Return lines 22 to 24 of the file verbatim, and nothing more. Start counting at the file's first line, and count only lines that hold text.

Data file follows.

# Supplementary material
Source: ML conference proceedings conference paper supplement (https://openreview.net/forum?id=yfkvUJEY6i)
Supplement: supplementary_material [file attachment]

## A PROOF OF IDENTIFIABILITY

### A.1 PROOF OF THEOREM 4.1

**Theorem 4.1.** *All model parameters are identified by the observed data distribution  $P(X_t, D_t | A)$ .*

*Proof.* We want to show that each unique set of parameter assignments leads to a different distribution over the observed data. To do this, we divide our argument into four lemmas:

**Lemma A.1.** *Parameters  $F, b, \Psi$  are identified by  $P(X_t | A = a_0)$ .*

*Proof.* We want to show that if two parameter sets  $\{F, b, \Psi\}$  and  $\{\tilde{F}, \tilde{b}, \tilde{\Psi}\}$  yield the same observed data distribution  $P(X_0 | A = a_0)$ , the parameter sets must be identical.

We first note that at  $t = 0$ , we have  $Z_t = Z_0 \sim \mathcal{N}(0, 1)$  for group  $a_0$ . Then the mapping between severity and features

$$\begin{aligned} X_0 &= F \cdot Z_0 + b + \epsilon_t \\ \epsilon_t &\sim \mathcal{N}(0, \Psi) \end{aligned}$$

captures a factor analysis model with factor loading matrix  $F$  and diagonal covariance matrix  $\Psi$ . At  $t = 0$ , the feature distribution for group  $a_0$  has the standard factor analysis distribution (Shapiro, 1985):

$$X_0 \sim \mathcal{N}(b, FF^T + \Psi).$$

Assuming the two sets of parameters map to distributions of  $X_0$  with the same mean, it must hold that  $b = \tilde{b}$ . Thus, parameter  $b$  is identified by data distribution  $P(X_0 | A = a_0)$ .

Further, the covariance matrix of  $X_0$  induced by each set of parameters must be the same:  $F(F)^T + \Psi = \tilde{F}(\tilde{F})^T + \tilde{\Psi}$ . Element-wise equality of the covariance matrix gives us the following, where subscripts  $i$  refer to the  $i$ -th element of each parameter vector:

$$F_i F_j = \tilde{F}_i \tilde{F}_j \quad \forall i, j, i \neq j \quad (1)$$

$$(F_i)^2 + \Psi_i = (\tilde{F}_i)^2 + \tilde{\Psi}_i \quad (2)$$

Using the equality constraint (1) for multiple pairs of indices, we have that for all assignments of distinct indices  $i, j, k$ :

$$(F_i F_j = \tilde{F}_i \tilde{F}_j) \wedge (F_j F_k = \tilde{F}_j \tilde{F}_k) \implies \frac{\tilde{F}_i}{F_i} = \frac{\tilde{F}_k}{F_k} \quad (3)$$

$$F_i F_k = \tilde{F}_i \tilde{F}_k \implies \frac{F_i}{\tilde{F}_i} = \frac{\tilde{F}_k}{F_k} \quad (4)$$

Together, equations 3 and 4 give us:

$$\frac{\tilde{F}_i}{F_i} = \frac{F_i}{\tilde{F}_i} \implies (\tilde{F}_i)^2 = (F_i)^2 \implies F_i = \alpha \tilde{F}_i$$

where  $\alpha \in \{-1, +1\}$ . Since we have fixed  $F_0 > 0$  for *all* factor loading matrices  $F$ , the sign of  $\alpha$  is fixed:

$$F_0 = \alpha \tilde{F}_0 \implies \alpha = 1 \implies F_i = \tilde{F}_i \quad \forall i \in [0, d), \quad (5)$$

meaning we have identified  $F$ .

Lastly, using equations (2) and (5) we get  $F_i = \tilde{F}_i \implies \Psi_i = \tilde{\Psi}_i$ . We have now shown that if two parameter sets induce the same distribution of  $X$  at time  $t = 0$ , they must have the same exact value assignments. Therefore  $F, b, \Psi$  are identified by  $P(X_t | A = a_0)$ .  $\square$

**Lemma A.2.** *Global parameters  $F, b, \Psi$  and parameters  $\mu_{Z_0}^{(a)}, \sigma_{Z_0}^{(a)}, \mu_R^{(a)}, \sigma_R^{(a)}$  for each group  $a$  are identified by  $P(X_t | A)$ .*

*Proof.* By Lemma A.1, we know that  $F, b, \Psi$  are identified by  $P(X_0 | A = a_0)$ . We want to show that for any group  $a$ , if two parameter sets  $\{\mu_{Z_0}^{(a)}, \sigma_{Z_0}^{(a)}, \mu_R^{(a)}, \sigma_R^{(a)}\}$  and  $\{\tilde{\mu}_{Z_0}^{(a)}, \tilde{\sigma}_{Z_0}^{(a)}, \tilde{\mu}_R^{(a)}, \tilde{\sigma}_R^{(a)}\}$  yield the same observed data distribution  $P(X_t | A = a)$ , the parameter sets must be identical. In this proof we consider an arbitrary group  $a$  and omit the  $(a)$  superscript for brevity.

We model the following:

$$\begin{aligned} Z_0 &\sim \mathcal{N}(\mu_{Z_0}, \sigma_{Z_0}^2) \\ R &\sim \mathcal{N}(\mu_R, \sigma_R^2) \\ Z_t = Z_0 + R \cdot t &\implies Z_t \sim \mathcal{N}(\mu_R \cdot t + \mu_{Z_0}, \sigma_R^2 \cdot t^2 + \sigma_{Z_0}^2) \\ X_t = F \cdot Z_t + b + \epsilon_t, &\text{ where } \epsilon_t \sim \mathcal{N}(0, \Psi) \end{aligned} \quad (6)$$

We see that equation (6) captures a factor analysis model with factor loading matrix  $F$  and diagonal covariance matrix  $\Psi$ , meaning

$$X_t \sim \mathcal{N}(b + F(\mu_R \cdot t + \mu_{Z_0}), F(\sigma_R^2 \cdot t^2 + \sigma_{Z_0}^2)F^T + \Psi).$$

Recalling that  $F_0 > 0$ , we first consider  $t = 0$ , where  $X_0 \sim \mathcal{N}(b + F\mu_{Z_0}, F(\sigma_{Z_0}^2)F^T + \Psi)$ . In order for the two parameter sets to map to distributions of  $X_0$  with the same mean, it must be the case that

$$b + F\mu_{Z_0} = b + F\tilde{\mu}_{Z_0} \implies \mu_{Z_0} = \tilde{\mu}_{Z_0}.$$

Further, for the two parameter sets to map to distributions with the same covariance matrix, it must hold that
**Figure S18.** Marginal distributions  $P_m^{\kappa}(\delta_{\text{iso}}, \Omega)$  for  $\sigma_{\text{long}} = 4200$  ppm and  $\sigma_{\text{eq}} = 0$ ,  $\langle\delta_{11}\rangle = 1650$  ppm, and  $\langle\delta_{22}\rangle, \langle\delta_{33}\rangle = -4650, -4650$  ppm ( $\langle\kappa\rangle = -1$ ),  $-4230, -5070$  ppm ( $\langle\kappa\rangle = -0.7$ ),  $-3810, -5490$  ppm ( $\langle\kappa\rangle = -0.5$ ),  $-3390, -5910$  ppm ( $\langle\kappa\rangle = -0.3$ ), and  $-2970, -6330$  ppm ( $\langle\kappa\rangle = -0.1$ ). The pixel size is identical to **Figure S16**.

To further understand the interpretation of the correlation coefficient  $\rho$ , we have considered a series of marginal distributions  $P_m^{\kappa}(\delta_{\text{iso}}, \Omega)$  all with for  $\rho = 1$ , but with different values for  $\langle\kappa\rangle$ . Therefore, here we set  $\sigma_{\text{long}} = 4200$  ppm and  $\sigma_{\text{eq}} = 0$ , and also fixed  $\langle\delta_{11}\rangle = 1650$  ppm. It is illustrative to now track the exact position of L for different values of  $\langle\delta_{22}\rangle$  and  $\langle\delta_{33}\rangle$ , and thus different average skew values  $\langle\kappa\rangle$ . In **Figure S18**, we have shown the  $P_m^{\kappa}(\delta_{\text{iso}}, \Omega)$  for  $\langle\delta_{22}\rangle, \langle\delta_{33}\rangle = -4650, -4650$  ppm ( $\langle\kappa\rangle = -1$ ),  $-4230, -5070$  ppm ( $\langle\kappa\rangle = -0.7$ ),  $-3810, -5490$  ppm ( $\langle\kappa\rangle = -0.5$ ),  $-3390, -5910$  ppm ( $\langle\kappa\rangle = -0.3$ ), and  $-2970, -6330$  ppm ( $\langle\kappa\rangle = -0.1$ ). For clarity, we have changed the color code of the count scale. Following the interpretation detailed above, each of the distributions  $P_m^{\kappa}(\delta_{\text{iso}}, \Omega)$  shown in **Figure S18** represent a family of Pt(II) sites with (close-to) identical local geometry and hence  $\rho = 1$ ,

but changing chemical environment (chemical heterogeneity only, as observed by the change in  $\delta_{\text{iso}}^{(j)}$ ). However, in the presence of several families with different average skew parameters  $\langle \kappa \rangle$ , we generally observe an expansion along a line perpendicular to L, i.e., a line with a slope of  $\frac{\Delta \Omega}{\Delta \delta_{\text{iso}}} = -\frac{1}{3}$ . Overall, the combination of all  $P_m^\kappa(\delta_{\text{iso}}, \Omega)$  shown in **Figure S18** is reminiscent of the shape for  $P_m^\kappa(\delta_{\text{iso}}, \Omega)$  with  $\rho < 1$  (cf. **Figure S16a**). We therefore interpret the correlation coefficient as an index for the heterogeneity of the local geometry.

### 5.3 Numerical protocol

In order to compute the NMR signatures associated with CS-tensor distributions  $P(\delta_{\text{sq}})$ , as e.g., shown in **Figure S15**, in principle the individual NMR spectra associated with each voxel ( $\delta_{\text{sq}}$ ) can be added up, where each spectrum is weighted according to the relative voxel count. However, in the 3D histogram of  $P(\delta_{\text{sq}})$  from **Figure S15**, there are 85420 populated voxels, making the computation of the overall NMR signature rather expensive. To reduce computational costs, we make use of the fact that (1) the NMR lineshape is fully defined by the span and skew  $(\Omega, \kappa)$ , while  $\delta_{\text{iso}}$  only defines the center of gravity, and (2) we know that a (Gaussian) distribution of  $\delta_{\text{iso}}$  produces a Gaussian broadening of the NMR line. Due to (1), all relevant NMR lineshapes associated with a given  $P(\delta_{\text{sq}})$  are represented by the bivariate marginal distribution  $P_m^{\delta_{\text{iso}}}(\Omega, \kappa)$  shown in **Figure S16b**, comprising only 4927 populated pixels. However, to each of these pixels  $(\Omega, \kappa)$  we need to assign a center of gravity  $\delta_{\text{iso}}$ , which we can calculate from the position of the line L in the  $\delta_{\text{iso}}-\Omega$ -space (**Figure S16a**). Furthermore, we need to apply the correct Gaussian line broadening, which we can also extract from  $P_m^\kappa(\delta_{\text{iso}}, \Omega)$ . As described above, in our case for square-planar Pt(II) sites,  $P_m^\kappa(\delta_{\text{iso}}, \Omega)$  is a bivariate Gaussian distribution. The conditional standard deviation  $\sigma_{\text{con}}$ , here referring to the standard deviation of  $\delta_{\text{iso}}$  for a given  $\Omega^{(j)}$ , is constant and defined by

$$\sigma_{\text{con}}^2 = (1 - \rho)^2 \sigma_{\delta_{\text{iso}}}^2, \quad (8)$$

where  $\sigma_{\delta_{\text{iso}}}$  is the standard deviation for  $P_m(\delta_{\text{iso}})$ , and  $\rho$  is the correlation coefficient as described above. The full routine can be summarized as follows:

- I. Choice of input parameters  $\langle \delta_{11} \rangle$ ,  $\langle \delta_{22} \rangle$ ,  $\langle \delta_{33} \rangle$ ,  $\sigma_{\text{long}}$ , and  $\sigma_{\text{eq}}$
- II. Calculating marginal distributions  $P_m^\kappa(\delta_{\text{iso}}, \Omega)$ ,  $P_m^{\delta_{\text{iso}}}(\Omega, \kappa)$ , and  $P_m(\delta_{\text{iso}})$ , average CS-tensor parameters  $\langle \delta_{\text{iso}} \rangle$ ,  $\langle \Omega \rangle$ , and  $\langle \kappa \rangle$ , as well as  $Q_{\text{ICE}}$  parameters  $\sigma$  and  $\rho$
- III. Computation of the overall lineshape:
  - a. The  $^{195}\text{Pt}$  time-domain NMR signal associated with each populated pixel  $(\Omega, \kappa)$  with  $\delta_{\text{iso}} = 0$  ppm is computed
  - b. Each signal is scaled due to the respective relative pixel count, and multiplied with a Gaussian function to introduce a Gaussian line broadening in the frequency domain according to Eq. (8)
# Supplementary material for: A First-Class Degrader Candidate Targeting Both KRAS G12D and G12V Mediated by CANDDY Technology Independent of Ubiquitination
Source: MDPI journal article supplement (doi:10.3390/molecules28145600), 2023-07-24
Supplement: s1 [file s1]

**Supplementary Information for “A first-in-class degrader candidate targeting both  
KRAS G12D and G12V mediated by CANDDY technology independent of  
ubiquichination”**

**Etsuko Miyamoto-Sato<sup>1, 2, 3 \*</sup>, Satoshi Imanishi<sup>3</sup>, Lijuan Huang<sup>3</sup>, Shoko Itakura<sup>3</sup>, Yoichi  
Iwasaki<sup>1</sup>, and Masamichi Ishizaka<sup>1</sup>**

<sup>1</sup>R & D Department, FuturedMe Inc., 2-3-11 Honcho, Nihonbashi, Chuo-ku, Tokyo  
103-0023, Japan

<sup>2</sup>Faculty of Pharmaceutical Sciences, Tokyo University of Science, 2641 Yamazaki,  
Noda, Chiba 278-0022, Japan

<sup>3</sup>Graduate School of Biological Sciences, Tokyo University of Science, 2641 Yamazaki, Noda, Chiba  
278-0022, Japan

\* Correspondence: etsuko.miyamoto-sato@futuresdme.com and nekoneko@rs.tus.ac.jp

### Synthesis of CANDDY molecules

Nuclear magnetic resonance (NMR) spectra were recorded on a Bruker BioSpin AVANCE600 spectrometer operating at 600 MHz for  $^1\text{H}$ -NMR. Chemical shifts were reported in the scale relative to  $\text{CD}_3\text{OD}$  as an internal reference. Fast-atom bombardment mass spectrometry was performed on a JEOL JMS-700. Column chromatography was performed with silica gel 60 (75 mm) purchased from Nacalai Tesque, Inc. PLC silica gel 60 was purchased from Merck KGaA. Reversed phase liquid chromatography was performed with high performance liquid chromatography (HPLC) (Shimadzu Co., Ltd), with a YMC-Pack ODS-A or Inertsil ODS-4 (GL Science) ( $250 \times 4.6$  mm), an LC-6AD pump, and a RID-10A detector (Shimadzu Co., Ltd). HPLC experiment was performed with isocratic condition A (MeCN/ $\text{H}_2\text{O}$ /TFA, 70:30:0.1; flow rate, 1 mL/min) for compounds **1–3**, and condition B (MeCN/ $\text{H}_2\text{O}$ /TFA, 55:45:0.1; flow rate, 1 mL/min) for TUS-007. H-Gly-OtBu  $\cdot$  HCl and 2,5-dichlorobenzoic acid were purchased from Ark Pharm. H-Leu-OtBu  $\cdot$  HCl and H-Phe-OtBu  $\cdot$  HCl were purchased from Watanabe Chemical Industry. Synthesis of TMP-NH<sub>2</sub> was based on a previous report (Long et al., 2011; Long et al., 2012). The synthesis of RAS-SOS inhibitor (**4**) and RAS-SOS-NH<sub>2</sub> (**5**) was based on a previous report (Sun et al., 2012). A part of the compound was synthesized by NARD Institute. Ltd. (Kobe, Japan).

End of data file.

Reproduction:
$$\frac{\tilde{F}_i}{F_i} = \frac{F_i}{\tilde{F}_i} \implies (\tilde{F}_i)^2 = (F_i)^2 \implies F_i = \alpha \tilde{F}_i$$

where  $\alpha \in \{-1, +1\}$ . Since we have fixed  $F_0 > 0$  for *all* factor loading matrices  $F$ , the sign of  $\alpha$  is fixed:

$$F_0 = \alpha \tilde{F}_0 \implies \alpha = 1 \implies F_i = \tilde{F}_i \quad \forall i \in [0, d), \quad (5)$$